FUNCTIONALISM• Positivism• 3 Stages of Society• Social Facts• Collective Conscience• Social Stability• Social Order• Value Consensus• Social Equilibrium

Auguste Comte1798-1857

 Saw the science of society (which he termedSociology) as essentially similar to natural science(Biology, Physics, etc). His positivist approach was based on the principle ofdirect observation, which could be explained bytheoretical statements based on established causal,law-like generalizations. Comte said the task of Sociology is to gain reliableknowledge of the social world in order to makepredictions about it, and, on the basis of thosepredictions, to intervene and shape social life inprogressive ways. Natural sciences are held in high regard. Why?

 Could such reliable, predictive knowledge ever beachieved in relation to human beings? Most sociologists today think not. Main reason why so many sociologists reject Comteanpositivism because they see the idea of shaping andcontrolling people and societies as impossible,potentially dangerous or both. We cannot study humans in a laboratory, or the sameway we would study a frog as people act in ways thatare unpredictable. WHY?

 Comte‟s ideas were extremely influential and histheory of development of the sciences was aninspiration to other thinkers working with theoriesof evolutionary social development. Comte believed that society has passed through threestages:1. Theological- Thoughts were guided by religious ideasand society is an expression of God’s will.2. Metaphysical- Accounted through the RenaissancePeriod as society is seen as natural and not supernatural.3. Positive- Encouragement of the application of scientificknowledge to analyze society.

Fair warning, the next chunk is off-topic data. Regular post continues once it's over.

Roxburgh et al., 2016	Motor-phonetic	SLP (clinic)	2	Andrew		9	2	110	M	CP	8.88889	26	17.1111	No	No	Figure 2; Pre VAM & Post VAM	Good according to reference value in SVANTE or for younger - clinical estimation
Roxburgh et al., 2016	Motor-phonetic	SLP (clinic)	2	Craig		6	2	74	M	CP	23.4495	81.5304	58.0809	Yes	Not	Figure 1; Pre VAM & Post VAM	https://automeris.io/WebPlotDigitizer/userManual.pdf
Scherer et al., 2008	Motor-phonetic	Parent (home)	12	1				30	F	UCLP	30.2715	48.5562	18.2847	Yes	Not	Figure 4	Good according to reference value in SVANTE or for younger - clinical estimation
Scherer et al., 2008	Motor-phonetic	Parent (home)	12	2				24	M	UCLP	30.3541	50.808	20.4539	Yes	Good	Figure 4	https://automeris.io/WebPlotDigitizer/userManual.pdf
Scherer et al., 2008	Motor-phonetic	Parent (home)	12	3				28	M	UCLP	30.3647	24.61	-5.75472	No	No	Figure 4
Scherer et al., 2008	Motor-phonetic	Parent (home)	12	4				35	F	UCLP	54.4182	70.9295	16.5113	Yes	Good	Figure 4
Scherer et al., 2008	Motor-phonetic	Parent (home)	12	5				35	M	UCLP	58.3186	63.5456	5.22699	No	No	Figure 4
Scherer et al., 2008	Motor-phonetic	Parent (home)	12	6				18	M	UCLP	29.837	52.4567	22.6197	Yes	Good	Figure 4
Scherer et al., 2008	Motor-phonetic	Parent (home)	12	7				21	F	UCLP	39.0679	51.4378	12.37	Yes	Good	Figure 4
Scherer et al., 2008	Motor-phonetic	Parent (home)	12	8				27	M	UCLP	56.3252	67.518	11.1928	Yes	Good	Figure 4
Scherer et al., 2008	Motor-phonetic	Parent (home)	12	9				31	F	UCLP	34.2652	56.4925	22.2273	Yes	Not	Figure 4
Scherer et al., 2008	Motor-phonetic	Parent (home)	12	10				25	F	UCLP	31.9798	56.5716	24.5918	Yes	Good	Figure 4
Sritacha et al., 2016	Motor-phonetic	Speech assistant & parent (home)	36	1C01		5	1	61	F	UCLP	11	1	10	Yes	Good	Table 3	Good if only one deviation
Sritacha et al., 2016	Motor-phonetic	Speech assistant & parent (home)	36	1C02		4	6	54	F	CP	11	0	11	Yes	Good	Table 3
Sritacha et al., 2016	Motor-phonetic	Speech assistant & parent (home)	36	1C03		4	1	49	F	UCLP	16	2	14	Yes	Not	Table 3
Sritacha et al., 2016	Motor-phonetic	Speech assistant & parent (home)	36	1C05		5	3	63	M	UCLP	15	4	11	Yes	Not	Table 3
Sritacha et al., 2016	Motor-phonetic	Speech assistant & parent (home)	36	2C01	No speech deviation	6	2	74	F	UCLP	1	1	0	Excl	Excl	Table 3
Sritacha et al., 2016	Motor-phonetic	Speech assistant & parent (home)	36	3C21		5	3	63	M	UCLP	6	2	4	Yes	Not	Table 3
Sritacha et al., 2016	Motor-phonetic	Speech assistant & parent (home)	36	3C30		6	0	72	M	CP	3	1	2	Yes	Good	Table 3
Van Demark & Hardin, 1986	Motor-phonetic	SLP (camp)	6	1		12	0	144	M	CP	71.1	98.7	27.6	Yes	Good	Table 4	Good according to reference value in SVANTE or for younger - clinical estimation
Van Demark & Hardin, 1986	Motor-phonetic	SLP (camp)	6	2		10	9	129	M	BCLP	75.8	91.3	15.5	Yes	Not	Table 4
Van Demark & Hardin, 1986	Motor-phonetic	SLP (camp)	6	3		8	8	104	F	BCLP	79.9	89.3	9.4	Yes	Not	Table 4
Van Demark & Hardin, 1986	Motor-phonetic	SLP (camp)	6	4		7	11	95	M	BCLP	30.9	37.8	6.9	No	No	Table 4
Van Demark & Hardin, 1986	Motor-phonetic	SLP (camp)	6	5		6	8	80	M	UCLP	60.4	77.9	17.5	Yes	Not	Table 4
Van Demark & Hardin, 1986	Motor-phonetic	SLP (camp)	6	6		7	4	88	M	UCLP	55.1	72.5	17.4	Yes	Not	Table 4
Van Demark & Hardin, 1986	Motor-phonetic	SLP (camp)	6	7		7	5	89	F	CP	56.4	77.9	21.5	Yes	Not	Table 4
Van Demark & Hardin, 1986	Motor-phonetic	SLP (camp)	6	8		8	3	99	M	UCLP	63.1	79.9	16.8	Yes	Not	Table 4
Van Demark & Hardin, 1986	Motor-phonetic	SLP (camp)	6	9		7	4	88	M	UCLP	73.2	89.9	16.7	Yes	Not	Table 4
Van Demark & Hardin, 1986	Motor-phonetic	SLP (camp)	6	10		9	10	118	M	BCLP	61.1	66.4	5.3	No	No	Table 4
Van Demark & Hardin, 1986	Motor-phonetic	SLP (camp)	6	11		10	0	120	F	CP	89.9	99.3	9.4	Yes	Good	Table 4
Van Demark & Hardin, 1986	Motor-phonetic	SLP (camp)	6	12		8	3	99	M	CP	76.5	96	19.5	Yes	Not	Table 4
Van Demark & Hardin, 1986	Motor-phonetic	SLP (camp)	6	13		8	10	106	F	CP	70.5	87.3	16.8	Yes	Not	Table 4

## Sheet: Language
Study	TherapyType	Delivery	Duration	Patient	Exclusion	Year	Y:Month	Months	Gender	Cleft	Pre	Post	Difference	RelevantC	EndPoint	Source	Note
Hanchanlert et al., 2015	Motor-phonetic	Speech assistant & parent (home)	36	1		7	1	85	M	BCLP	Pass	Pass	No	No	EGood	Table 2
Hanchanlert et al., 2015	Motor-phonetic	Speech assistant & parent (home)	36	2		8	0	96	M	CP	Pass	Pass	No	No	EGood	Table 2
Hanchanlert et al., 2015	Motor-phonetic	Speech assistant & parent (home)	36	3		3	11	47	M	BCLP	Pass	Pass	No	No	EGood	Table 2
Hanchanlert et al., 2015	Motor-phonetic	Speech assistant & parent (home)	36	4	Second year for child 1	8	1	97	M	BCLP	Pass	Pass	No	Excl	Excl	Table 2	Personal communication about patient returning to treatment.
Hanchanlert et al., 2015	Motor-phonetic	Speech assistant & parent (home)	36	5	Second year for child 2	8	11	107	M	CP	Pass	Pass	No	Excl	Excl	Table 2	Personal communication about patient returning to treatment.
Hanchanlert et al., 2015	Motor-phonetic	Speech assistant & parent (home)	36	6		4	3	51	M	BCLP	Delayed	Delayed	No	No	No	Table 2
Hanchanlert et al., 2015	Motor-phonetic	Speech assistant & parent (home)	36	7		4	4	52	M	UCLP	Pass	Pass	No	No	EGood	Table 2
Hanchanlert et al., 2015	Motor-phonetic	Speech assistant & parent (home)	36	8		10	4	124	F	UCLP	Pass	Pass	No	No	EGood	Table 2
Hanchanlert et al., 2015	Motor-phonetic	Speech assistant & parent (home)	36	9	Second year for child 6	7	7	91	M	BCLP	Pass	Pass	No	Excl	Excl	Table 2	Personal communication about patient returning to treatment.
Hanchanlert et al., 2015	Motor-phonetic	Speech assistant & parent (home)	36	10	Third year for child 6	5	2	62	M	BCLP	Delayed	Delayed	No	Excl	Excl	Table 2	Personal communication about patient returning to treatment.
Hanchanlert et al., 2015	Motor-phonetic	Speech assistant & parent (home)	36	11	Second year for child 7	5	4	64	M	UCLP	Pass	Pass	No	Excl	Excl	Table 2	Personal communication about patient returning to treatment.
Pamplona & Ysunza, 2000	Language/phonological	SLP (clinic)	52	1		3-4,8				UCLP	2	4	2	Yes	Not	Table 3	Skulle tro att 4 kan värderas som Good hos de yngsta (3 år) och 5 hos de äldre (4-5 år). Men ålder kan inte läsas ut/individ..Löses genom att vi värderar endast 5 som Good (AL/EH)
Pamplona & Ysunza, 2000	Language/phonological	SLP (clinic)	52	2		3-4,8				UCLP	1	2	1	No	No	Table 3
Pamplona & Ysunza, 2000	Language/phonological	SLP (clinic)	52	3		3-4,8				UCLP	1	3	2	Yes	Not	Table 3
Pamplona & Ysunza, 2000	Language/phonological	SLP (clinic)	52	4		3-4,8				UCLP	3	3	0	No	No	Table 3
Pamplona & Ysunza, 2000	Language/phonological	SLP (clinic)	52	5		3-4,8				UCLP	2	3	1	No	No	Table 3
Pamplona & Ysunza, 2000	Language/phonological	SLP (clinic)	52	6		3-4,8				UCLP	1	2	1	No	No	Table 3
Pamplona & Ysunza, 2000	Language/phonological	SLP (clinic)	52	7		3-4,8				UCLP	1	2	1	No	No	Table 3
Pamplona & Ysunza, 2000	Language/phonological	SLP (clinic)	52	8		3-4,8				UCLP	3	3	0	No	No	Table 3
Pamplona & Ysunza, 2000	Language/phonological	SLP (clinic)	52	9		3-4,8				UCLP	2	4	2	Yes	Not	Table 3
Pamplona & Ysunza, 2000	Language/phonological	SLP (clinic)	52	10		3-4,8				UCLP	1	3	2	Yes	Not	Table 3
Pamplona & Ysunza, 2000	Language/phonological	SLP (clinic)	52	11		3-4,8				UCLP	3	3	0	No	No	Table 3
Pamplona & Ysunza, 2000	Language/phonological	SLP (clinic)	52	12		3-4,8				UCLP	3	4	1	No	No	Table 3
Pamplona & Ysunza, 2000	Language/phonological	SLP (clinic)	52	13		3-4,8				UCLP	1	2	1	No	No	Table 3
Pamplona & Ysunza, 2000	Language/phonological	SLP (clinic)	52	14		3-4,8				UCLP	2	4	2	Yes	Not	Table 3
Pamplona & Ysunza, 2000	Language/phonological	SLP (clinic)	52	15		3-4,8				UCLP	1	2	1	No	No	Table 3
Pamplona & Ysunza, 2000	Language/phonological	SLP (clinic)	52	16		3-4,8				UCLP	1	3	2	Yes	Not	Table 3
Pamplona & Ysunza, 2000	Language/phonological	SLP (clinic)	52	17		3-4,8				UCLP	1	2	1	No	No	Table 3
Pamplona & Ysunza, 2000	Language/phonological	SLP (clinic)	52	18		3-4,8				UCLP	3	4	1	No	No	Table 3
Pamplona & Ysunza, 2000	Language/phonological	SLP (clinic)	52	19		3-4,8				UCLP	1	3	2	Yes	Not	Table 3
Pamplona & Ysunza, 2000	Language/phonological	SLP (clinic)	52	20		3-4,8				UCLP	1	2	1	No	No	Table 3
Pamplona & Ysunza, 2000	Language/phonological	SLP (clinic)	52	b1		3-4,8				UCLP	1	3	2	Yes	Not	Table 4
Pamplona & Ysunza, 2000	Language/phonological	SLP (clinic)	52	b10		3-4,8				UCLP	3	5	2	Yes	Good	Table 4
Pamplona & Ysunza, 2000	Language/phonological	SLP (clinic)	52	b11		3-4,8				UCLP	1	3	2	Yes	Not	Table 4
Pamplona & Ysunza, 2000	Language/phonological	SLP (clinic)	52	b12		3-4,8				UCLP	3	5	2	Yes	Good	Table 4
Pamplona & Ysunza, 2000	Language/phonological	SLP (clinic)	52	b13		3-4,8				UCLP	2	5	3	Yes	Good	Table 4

Emile Durkheim 1858-1917

 Influenced by Comte. People are exclusively the products of their socialenvironment. Society shapes people in every possible way. Durkheim saw the study of social phenomenon wasneeded whenever research into people‟s actions wentbeyond their individual interactions.

 Social institutions and social forms – social movementsand the family – outlive the particular individual whoinhibit them and they therefore must have a reality oftheir own. This reality cannot be adequately understood by anindividualistic psychology or abstract philosophicalspeculation. In Durkheim‟s view, what we call „the social‟ is a level ofreality in its own right that cannot be reduced to mereaction, nor the simple combined individualconsciences.

 Thus Durkheim focuses on group phenomena andsocial facts such as comparative suicide rates., socialsolidarity and religion. Another example is his work on The Division of Labourin Society (1893) where he outlined the differencebetween mechanic and organic forms of socialsolidarity.

 Mechanical Solidarity (automatic) - everyone acts inthe same way; laws are repressive and designed topunish Organic Solidarity (modern societies) - people staytogether because they need each other‟s services, lawsare restrictive and designed to restore contractual natureof human relations. Durkheim argued that society has a reality of its ownover and above the individual who comprise it.